Greensill’s failure in March hammered the Swiss bank. Credit Suisse ran $10 billion in investment funds that financed Greensill’s supply-chain finance lending programs. Credit Suisse has recovered around $7 billion of the $10 billion invested in Credit Suisse-Greensill funds so far.
“In the course of an official procedure that is not directed against Credit Suisse, data were collected,” a bank spokesman said in an emailed statement. He said the bank is fully cooperating with authorities.
Swiss newspaper NZZ am Sonntag earlier reported the raids on Credit Suisse’s offices, saying they were part of an investigation by Zurich’s public prosecutor into Greensill. The newspaper said Switzerland’s economic affairs department filed a criminal complaint alleging unfair competition violations related to Greensill.
The Zurich public prosecutor and economic affairs department didn’t immediately respond to requests for comment.
A spokesperson for Greensill, which is under the control of a bankruptcy administrator in the U.K., didn’t immediately respond to a request for comment.
Switzerland’s top financial regulator, Finma, is conducting a continuing civil enforcement proceeding against Credit Suisse related to its handling of Greensill. The bank’s asset management arm for several years bought up supply-chain finance loans generated by Greensill, and put them in investment funds that were sold to investors as relatively safe investments.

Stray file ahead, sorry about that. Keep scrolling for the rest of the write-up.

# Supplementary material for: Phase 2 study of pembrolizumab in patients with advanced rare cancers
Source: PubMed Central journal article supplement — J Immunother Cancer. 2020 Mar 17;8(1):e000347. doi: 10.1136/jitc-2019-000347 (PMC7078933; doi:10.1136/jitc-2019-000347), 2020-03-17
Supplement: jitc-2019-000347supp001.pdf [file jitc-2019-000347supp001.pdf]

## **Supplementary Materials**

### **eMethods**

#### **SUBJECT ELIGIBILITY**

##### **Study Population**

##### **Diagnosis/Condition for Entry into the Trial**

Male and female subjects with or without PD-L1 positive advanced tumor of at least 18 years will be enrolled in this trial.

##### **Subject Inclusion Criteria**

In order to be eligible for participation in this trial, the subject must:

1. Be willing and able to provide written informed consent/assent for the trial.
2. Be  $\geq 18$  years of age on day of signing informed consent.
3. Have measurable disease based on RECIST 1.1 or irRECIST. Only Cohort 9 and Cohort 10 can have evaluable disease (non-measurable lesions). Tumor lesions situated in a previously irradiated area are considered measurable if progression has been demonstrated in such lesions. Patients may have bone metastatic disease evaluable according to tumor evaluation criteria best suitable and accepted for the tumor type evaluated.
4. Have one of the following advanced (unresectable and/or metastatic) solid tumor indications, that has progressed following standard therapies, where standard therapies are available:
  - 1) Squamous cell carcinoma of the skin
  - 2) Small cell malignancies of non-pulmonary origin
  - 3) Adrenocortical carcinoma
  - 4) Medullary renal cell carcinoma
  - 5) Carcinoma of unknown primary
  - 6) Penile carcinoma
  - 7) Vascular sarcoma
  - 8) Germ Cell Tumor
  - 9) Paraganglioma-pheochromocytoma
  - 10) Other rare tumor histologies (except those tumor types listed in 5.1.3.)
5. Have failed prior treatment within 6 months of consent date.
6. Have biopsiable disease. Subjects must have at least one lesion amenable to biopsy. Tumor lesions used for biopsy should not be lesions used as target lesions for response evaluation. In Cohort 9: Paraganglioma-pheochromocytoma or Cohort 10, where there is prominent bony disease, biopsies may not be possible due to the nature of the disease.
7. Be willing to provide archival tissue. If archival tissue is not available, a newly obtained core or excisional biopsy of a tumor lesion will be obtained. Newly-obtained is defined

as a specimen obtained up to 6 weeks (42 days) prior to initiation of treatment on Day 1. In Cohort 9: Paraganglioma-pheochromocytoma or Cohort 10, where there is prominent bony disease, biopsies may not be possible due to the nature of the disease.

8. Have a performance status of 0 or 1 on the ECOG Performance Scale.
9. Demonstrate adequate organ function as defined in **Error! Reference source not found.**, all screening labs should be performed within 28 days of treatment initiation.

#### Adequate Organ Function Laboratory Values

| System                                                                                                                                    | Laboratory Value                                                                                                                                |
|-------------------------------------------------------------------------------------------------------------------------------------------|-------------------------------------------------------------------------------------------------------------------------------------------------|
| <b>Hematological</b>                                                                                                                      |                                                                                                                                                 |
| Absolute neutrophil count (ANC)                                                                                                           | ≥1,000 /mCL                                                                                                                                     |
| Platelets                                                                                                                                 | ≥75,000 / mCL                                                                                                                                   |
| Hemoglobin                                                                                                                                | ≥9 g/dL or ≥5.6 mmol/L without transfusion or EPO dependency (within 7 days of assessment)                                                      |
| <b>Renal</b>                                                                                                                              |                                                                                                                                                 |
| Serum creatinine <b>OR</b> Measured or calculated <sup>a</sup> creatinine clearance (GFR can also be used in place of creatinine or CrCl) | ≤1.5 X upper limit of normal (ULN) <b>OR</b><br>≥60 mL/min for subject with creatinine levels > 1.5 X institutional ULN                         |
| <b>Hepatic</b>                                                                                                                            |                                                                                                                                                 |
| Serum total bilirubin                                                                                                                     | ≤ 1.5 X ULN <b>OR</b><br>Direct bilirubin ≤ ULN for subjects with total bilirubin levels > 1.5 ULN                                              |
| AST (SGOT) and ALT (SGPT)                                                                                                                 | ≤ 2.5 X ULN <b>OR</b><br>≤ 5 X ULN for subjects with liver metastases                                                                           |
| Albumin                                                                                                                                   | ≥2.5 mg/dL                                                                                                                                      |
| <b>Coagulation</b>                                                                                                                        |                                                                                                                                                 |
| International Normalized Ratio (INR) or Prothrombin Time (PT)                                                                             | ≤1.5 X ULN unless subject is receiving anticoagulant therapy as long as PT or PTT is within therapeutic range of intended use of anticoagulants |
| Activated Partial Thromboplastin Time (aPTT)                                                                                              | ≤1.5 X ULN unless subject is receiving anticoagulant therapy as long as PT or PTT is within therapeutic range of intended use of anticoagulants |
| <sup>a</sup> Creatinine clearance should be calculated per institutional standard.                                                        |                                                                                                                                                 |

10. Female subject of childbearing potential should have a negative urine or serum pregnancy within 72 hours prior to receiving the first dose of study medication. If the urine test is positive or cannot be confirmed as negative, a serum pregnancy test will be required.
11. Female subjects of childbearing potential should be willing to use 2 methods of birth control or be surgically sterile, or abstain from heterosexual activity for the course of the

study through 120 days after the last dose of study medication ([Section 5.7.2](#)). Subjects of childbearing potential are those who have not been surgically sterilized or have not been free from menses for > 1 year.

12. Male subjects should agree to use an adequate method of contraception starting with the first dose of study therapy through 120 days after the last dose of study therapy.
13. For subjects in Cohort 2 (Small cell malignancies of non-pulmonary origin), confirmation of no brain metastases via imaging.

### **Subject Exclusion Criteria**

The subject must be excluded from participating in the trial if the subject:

In reality, many of the loans Greensill made were to risky borrowers and weren’t part of traditional supply-chain finance, a type of short-term cash advance for businesses.
Weeks after Greensill’s unraveling, the bank was knocked further when another client, family office Archegos Capital Management, imploded, costing Credit Suisse $5.5 billion to exit stock trades.
At a shareholder meeting on Friday to vote in two new board members, Credit Suisse Chairman António Horta-Osório said the bank has made significant progress since he started in April on improving risk management.
To avoid further blowups, it has added new roles and reworked how it manages risks. The board members who joined Friday, Axel Lehmann and Juan Colombas, both previously held top risk jobs at financial institutions.
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